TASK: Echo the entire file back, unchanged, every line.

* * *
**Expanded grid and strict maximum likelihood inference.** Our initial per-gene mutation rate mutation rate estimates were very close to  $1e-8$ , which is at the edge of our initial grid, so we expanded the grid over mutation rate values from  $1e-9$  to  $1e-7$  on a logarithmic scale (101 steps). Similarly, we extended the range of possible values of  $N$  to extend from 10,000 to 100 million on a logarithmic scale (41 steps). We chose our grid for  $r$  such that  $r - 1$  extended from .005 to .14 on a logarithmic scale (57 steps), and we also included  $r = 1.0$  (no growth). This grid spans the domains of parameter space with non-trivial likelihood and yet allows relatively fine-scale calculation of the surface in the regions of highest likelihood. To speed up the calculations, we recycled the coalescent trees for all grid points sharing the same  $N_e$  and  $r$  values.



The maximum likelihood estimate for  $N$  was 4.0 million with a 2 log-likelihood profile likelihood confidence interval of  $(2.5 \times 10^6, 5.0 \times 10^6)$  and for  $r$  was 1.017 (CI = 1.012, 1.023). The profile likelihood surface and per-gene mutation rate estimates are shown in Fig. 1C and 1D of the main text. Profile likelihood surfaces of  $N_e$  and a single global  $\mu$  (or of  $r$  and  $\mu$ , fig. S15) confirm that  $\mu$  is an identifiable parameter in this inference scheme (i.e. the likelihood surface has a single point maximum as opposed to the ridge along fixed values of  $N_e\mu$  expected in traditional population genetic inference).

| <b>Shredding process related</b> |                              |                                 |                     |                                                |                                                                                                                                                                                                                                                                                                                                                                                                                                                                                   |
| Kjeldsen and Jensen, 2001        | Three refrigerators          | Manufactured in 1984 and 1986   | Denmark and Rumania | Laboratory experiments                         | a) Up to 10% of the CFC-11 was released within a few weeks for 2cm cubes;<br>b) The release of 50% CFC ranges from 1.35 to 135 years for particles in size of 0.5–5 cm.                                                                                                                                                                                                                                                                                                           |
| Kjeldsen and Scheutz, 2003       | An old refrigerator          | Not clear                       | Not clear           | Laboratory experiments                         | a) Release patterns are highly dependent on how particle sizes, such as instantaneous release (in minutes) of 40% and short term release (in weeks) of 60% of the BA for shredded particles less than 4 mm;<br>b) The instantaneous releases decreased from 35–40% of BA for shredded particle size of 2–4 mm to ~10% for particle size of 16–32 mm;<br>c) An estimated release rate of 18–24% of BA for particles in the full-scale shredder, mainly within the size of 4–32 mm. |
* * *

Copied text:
**Expanded grid and strict maximum likelihood inference.** Our initial per-gene mutation rate mutation rate estimates were very close to  $1e-8$ , which is at the edge of our initial grid, so we expanded the grid over mutation rate values from  $1e-9$  to  $1e-7$  on a logarithmic scale (101 steps). Similarly, we extended the range of possible values of  $N$  to extend from 10,000 to 100 million on a logarithmic scale (41 steps). We chose our grid for  $r$  such that  $r - 1$  extended from .005 to .14 on a logarithmic scale (57 steps), and we also included  $r = 1.0$  (no growth). This grid spans the domains of parameter space with non-trivial likelihood and yet allows relatively fine-scale calculation of the surface in the regions of highest likelihood. To speed up the calculations, we recycled the coalescent trees for all grid points sharing the same  $N_e$  and  $r$  values.



The maximum likelihood estimate for  $N$  was 4.0 million with a 2 log-likelihood profile likelihood confidence interval of  $(2.5 \times 10^6, 5.0 \times 10^6)$  and for  $r$  was 1.017 (CI = 1.012, 1.023). The profile likelihood surface and per-gene mutation rate estimates are shown in Fig. 1C and 1D of the main text. Profile likelihood surfaces of  $N_e$  and a single global  $\mu$  (or of  $r$  and  $\mu$ , fig. S15) confirm that  $\mu$  is an identifiable parameter in this inference scheme (i.e. the likelihood surface has a single point maximum as opposed to the ridge along fixed values of  $N_e\mu$  expected in traditional population genetic inference).

| <b>Shredding process related</b> |                              |                                 |                     |                                                |                                                                                                                                                                                                                                                                                                                                                                                                                                                                                   |
| Kjeldsen and Jensen, 2001        | Three refrigerators          | Manufactured in 1984 and 1986   | Denmark and Rumania | Laboratory experiments                         | a) Up to 10% of the CFC-11 was released within a few weeks for 2cm cubes;<br>b) The release of 50% CFC ranges from 1.35 to 135 years for particles in size of 0.5–5 cm.                                                                                                                                                                                                                                                                                                           |
| Kjeldsen and Scheutz, 2003       | An old refrigerator          | Not clear                       | Not clear           | Laboratory experiments                         | a) Release patterns are highly dependent on how particle sizes, such as instantaneous release (in minutes) of 40% and short term release (in weeks) of 60% of the BA for shredded particles less than 4 mm;<br>b) The instantaneous releases decreased from 35–40% of BA for shredded particle size of 2–4 mm to ~10% for particle size of 16–32 mm;<br>c) An estimated release rate of 18–24% of BA for particles in the full-scale shredder, mainly within the size of 4–32 mm. |